We had the good fortune of connecting with Michael Nocny and we’ve shared our conversation below.
Hi Michael, why did you pursue a creative career?
To be honest, I think I decided to pursue an artistic career because I simply could not ignore the creative voice inside of me anymore. I have always had a need to make things manually. Even when I was a kid I would spend hours building unusual designs from LEGOs (not what I was supposed to build, of course, because it was shown on the box, just something else that came to my mind). I would spend hours doing that. Music was always a big part of my life when I was growing up. I would sneak into my parent’s bedroom to listen to some of my father’s records without his knowledge. He always thought I would be an engineer or maybe an architect, both of which very desirable in Poland in the 90’s… For those of you that don’t know, that is where I am from 🙂 Both of my parents come from families with musical backgrounds and I believe that listening to those records shaped my music taste before I even started learning how to play piano. I was always very curious. How did they make that sound? Why does it sound like that on the record? My mom would get really upset when I was banging on the desk imitating rhythms I heard on the radio instead of doing my homework, so when I was 12, she finally took me to the music school to see what they would say. That is how it all started. I never wanted to play anything that was in the books, I just wanted to play my own ideas, melodies and rhythms… No matter what it was or even if it didn’t make any musical sense. That need to “get it out” was so strong it defined my future music career.
Let’s talk shop? Tell us more about your career, what can you share with our community?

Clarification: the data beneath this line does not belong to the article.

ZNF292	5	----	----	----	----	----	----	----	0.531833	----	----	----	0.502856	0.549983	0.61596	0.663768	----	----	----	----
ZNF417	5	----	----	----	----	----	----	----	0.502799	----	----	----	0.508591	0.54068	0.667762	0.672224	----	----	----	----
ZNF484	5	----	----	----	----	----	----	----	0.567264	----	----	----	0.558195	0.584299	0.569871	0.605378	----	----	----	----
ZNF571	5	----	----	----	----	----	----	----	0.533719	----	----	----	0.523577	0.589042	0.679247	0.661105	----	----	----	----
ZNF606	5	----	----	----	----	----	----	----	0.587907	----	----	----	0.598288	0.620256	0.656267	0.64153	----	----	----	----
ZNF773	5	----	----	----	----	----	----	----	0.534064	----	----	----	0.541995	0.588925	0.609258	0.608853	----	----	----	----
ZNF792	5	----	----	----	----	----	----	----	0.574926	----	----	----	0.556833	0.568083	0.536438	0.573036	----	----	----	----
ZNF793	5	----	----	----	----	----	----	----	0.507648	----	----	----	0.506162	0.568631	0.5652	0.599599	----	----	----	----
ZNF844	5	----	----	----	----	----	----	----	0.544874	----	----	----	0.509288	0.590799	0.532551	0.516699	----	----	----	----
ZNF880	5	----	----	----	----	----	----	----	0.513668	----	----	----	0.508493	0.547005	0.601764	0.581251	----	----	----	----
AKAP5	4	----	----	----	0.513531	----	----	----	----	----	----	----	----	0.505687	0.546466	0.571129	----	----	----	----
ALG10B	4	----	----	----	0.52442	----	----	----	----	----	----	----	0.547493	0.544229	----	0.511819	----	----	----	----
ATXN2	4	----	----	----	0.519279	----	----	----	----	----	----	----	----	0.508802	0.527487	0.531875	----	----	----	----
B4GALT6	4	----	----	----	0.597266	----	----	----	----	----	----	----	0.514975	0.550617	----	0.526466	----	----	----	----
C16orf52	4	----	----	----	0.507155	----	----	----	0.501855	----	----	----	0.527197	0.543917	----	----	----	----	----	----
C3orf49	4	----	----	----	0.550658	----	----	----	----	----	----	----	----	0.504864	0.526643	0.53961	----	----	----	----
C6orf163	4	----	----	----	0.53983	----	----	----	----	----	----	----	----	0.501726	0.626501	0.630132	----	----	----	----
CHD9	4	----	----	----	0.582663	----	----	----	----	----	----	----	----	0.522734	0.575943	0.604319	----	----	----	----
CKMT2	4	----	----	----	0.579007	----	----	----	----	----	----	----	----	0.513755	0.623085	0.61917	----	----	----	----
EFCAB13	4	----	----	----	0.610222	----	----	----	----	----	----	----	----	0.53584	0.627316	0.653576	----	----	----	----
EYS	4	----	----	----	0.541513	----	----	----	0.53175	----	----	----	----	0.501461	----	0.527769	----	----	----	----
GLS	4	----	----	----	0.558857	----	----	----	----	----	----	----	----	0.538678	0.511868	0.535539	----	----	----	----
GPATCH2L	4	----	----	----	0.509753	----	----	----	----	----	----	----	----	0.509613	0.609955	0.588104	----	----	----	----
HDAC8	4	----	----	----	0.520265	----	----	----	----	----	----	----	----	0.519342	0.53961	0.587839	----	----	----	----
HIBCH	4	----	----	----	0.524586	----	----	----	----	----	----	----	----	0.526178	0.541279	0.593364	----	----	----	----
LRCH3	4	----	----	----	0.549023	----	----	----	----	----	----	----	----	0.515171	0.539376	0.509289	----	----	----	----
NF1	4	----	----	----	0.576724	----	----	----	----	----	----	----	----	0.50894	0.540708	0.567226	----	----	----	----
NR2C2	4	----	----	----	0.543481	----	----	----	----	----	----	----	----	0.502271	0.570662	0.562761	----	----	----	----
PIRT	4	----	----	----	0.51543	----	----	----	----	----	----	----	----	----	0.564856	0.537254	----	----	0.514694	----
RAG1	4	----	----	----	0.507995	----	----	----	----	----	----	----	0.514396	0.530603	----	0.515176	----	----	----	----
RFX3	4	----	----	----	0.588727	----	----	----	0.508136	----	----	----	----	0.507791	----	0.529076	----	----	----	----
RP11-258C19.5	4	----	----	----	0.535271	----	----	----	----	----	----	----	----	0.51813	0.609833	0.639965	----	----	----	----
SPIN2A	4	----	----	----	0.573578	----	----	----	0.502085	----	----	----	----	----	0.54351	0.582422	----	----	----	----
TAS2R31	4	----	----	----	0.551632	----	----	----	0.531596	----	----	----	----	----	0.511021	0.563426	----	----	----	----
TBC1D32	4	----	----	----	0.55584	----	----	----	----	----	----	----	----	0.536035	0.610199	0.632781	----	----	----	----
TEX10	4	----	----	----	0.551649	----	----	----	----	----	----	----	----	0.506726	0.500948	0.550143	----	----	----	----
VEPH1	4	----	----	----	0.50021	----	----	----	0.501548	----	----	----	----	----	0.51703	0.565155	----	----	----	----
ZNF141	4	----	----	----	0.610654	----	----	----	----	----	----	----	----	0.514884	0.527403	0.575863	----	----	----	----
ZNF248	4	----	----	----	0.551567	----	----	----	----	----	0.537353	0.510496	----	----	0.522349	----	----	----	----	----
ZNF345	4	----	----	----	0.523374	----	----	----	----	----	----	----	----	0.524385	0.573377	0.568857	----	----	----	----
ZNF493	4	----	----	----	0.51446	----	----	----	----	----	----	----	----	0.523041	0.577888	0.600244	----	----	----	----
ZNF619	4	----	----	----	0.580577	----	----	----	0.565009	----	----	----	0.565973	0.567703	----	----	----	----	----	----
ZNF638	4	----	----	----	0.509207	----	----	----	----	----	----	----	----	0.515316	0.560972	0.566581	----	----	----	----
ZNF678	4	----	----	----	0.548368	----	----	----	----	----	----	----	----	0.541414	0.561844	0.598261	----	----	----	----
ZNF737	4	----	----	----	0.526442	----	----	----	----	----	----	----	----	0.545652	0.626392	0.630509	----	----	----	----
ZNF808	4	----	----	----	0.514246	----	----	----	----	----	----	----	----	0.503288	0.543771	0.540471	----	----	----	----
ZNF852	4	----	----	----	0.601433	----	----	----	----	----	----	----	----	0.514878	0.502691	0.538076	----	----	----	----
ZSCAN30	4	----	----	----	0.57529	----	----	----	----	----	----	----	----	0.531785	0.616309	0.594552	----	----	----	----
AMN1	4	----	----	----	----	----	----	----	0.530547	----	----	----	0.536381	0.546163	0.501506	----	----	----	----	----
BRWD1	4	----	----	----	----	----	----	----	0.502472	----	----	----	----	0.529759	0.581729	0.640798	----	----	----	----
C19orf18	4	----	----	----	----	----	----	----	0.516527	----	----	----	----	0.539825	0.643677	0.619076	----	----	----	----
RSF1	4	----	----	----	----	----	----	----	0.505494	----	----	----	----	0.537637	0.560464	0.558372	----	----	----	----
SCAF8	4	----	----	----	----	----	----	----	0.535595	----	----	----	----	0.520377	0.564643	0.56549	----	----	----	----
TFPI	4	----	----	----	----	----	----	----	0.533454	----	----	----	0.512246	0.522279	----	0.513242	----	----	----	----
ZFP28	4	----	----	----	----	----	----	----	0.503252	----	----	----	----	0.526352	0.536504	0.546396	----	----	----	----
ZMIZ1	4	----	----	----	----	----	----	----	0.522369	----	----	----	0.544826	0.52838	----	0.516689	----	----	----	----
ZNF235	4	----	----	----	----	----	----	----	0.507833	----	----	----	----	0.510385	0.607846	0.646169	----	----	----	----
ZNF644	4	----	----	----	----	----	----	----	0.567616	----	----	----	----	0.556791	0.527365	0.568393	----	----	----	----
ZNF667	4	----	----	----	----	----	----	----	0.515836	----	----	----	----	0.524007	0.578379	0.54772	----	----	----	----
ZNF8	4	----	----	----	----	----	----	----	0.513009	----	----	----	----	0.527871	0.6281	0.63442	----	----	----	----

I was born in Warsaw, Poland and I was raised to be a “decent” human being without any emphasis to be unique or outstanding. This was by design. I was educated to get a job and make a living in the same way as everybody else. But for whatever reason that never sat well with me. I always knew that life could be much bigger than that. I’ve had multiple jobs in my life but only a few of them brought satisfaction. Even as I worked those jobs, I would still make music or perform after hours, late nights or weekends. I know that there so many talented artists who struggle at their “day jobs” because making art is all they want to do. I think that in my particular example, there are three main things that have lead me to where I am today. Those are: passion, faith and discipline. One fuels the other and vice versa. Somebody once said that “Passion Changes Everything” and I absolutely agree with that. You have to be passionate about what you do. Only then you will be able to be outstanding in your craft. They say you need to spend at least 10.000 hours to master something. If there’s no passion that will drive you, you will most likely give up way too early. Musicians, record producers, beat makers, singers, recording and mixing engineers, they all spend thousands of hours working on their craft. There is just no way around it. That brings us to faith. I have faith that I can achieve so much more and that I have the ability and resources to make it happen. I believe that if I don’t have the resources at the given moment, I just need to create them, one way or another. That concept can be very difficult to grasp at an early stage of any artistic career but in my experience, I have found that even something that may seems impossible can be attained, one way or another. If something doesn’t work the first time, try another way and another and another – Just don’t give up! To me, the most challenging part has been rebuilding my career in another country, basically from scratch. Somebody once said that “America is a One Way Speaker”. Even if you are very successful somewhere else in the world, it does not really mean much here. There are different rules that apply and I have had to relearn pretty much everything. “Figuring It Out” has definitely been the most difficult part of this journey. The everyday uncertainty, doubting myself, questioning is it was the right decision to leave my successful career in my home country, wondering “what if I fail?” THAT is where the discipline kicks in. Because no matter what happens, I keep trying and I keep going. If I don’t, I know there will be a moment in my life where I would have regretted quitting. So the discipline helps me make progress every single day. Those small steps have lead me to where I am today. I truly believe that these three factors helped me get from recording music ideas in a dark, tiny basement in Warsaw, Poland to working with Grammy Award winning artists here in Los Angeles.